As I already mentioned, Mega Man VII completely overhauled the art style that we had from the mainline series up to that point. Character sprites, effects and environments are all wonderfully detailed and colorful. They’re also… bigger. While this means that Mega Man and his many opponents have never looked quite so good, it also means it’s harder to maneuver. This is most apparent during the boss battles where, while the sprites are bigger, the arenas are not. As some of the Robot Masters are pretty quick, these fights could have been much more challenging if not for the issues with their weaknesses. Even so, it’s a serious step up from the presentation of the NES era, and it’s only complemented by the music. The soundtrack is just a continuation of the high quality we’re used to from the franchise. Almost every stage theme is incredibly catchy, and I know most of them by heart, even years after the first time I played the game. The original music is memorable, as usual, plus, the remixed tracks from earlier games used for a certain stage are wonderfully nostalgic, as well. And, as far as I’m concerned, the secret track (http://www NULL.youtube NULL.com/watch?v=JvL7kZL8h3k) for Shade Man’s stage is its official song.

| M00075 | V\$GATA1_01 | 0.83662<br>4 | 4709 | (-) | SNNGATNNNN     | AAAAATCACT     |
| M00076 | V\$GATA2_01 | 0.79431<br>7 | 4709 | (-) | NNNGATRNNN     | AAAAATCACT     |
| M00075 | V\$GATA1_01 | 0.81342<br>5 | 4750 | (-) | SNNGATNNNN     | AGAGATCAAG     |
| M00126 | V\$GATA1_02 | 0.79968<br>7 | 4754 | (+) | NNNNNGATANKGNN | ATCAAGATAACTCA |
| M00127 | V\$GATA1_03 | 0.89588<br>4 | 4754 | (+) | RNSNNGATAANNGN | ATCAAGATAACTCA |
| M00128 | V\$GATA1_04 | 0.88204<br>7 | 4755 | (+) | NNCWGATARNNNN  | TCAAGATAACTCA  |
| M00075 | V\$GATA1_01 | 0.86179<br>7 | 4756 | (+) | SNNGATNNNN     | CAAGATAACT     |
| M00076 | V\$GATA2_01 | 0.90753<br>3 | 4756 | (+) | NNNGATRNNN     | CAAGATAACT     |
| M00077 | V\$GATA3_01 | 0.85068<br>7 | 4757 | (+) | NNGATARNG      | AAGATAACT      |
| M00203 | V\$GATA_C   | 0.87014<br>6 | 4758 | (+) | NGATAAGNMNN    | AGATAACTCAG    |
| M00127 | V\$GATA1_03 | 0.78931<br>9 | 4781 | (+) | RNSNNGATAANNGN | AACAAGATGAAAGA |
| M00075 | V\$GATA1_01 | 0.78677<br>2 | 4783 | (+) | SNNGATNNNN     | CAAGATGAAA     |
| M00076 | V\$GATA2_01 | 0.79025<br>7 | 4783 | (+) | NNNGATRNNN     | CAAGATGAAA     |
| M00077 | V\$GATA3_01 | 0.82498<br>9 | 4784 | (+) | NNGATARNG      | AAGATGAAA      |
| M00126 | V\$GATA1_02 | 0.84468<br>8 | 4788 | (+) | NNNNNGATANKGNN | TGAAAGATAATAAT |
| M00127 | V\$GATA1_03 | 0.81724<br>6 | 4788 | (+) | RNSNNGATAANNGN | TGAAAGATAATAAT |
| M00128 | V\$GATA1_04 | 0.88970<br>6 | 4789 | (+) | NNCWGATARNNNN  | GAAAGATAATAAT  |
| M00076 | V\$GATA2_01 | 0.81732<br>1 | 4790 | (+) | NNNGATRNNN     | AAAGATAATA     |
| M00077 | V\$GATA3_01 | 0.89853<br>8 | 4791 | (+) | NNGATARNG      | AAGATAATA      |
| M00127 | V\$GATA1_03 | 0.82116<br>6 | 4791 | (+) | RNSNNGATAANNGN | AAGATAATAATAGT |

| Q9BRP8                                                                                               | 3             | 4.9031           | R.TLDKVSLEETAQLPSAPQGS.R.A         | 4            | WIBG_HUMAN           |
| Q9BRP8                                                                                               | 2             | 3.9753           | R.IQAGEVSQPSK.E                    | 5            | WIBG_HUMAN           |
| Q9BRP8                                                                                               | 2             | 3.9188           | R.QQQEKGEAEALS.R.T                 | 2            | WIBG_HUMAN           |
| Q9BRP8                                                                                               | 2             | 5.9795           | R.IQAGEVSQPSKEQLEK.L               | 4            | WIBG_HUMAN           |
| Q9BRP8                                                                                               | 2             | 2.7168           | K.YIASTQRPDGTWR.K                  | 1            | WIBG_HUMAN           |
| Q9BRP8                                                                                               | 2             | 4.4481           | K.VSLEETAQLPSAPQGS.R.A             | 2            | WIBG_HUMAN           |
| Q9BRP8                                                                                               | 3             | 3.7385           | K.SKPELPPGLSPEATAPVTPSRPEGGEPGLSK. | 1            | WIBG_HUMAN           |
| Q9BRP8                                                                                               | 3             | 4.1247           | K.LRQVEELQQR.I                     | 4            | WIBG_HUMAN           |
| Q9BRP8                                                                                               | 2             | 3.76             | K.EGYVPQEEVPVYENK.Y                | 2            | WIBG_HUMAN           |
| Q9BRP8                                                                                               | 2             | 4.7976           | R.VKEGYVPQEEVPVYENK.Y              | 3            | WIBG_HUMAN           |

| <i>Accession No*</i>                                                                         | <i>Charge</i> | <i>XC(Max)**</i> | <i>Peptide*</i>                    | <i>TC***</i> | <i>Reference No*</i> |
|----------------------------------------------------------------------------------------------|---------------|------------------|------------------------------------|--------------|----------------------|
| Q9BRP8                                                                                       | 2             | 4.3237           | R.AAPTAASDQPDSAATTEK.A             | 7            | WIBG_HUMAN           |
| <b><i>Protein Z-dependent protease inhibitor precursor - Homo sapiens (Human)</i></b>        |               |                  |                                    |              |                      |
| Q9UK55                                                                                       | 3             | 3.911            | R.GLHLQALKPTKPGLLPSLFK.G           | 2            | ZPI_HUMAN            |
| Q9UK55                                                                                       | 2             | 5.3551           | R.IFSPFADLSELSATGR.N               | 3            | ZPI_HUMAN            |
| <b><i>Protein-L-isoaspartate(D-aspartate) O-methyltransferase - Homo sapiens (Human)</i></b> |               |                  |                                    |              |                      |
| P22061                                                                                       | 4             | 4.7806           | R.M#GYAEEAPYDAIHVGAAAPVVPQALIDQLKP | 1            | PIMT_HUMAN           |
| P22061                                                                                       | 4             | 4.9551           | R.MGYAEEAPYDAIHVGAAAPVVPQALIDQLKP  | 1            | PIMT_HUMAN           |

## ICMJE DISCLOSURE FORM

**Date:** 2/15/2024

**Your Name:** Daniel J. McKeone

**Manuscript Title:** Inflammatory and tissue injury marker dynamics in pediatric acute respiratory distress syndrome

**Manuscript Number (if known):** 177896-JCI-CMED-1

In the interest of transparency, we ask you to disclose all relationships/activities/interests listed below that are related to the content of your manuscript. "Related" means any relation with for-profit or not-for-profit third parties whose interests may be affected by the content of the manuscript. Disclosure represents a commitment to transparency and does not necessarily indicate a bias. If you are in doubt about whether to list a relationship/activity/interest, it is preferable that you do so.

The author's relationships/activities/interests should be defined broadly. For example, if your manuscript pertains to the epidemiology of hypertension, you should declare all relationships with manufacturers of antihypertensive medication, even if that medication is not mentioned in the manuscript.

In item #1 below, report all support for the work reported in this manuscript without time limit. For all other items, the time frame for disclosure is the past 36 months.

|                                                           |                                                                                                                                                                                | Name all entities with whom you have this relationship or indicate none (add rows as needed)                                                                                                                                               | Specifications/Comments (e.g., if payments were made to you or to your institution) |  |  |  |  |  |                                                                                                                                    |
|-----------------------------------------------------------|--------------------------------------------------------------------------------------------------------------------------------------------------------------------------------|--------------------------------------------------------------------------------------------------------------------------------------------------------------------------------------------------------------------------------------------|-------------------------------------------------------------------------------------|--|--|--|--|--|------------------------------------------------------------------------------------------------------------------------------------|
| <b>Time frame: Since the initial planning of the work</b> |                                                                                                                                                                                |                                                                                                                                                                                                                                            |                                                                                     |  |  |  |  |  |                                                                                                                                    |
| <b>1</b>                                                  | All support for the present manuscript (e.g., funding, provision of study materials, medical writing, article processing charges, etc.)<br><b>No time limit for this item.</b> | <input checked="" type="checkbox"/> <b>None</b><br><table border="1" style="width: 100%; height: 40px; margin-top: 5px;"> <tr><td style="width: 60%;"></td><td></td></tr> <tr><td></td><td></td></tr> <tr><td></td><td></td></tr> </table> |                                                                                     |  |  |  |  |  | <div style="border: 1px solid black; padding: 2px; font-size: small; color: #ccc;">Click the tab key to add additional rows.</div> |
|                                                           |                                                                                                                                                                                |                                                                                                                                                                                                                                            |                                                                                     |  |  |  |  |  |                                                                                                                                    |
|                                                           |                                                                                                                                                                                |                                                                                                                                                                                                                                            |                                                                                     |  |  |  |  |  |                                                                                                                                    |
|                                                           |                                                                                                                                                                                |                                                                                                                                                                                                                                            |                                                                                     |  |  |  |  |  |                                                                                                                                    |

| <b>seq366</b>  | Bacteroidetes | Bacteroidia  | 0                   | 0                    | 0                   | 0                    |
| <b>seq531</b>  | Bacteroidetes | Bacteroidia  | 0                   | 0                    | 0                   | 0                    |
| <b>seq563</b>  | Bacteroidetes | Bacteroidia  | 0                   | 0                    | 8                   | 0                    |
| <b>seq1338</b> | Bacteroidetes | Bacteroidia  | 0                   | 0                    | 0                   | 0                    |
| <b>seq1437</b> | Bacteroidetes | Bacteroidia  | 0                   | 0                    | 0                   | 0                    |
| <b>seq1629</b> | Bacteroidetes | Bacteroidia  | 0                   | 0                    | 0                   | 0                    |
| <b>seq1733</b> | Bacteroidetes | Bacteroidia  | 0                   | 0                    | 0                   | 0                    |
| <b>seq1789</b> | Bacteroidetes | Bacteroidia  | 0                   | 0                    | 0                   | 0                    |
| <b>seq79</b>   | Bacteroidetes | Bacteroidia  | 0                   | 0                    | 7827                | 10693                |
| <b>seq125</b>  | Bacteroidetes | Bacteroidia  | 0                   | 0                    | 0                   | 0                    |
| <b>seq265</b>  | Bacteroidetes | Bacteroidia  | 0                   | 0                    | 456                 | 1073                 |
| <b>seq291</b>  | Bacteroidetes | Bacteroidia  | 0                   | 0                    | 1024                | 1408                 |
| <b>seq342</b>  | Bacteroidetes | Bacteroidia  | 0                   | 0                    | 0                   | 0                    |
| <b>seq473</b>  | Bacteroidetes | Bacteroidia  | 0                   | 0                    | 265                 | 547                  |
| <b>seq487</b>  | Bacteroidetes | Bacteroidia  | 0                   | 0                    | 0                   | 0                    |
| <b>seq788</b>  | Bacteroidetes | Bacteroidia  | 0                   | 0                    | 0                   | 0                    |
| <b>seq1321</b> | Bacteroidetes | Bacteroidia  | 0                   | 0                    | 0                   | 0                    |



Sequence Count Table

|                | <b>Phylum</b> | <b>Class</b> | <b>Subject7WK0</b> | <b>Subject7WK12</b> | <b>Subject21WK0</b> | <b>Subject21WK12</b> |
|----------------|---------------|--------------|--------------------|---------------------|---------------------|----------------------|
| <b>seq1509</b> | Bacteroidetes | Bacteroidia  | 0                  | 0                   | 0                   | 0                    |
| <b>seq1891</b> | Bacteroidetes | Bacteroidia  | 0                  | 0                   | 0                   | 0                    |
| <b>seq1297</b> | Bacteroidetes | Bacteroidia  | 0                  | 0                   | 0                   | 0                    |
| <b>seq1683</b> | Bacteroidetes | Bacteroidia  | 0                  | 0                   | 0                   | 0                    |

I joked at the beginning of this review that better graphics always make sequels better than their predecessors. However, while we all had a good laugh at my very clever joke, the fact of the matter is that, while Mega Man VII looks quite pretty, and continues with the tradition of tight gameplay and catchy music, it was more than a little overzealous in the story department. Locking players into only four stages in the beginning for no discernible reason is extremely bothersome. This, coupled with the fact that using a boss’s weakness makes most fights overly easy, greatly damages the game’s hopes of being one of the greats in the franchise. Even so, for the four or five hours it takes to complete, it’s a consistent experience in the gameplay department, and I’d recommend playing it if you have the means. Unfortunately, since the game is not available on the Wii Shop Channel or Wii U eShop, you’d better be willing to shell out a couple hundred bucks on Amazon or eBay if you’re looking for an original copy. Even so, where there’s a will, there’s a way, and, while it might not be the best Mega Man title out there, it still carries on the tradition well.